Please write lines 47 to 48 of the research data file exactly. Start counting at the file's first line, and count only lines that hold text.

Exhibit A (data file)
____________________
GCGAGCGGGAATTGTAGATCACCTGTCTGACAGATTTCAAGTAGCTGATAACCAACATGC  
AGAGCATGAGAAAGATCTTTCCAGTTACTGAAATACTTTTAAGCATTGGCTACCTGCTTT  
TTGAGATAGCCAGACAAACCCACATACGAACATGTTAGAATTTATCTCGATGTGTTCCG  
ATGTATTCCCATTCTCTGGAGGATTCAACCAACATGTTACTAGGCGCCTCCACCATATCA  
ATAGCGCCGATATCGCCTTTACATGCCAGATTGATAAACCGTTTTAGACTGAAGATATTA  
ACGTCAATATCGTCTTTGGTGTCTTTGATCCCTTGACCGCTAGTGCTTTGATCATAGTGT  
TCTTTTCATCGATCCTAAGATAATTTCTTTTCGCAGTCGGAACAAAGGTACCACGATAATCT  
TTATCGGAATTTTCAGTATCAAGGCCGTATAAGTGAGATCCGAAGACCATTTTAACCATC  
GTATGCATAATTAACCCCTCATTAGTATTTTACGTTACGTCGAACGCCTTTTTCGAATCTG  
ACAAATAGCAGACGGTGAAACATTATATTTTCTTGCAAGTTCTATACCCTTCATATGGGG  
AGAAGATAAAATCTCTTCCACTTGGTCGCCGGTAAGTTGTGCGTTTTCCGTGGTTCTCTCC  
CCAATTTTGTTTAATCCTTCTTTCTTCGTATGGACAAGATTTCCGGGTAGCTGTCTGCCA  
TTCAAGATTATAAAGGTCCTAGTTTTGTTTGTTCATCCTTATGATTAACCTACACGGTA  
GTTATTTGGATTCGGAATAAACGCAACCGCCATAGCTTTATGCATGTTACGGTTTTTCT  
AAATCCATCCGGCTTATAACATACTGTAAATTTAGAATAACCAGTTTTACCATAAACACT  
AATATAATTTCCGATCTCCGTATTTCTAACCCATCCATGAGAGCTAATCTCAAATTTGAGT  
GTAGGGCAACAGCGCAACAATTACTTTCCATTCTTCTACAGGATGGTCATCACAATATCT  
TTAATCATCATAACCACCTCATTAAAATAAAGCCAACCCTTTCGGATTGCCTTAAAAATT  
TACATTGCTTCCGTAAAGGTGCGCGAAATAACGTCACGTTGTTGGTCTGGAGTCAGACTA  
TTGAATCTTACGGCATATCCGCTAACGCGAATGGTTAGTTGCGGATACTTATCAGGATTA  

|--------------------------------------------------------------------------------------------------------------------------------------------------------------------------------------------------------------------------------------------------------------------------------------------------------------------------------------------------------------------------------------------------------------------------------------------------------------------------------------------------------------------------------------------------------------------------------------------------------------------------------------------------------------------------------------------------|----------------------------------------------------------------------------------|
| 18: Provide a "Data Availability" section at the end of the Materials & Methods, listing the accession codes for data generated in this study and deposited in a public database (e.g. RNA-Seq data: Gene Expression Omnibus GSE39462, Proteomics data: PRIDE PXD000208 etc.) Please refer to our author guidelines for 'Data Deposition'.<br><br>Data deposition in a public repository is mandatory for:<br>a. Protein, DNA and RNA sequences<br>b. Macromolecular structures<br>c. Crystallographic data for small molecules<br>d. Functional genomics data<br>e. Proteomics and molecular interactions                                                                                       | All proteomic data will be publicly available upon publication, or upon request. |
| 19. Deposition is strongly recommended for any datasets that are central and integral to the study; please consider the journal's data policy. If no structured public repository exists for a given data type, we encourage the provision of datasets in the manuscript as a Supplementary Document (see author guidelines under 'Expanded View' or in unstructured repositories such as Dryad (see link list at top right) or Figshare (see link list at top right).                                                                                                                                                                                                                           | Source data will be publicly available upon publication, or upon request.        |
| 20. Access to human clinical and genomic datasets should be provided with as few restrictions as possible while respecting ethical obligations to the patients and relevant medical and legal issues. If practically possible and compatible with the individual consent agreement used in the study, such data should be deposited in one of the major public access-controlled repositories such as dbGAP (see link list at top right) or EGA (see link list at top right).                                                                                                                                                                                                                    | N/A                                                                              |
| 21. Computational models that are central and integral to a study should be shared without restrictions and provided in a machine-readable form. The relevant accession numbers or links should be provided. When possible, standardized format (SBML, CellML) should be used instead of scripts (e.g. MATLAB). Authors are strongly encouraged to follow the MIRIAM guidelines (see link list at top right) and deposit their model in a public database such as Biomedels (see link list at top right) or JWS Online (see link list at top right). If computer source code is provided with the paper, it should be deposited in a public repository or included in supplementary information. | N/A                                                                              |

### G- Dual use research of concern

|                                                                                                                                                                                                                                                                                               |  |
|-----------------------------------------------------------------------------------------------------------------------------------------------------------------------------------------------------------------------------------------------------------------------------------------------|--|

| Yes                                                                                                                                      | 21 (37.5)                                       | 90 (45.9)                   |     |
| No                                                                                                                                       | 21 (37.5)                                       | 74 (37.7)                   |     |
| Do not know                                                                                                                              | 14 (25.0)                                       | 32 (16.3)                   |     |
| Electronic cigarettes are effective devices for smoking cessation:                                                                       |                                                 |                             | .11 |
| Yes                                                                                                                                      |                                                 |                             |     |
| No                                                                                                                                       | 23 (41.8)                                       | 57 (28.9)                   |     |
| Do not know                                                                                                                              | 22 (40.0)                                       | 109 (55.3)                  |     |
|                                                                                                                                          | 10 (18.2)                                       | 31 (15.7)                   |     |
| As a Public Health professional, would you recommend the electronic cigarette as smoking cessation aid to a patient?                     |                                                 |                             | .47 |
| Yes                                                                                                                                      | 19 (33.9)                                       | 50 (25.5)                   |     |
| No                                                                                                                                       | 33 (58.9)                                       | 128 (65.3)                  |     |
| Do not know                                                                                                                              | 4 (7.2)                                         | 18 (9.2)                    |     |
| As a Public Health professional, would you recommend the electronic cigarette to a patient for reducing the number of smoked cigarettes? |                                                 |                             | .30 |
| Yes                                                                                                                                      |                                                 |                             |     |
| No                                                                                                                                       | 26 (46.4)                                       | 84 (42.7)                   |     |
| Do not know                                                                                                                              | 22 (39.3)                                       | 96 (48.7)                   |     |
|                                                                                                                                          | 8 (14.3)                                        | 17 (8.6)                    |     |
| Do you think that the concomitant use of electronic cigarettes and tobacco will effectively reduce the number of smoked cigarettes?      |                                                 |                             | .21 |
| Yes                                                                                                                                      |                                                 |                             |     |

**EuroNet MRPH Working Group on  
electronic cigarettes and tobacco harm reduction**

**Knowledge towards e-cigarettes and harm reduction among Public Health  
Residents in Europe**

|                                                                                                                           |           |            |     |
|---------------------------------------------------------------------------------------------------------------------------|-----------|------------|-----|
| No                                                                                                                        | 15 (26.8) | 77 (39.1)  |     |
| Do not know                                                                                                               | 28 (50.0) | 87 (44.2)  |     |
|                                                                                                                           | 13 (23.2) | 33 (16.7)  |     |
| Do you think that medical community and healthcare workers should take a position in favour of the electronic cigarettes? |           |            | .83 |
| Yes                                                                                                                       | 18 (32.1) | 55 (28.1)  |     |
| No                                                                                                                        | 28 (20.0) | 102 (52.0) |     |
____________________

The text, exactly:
| Yes                                                                                                                                      |                                                 |                             |     |

**EuroNet MRPH Working Group on  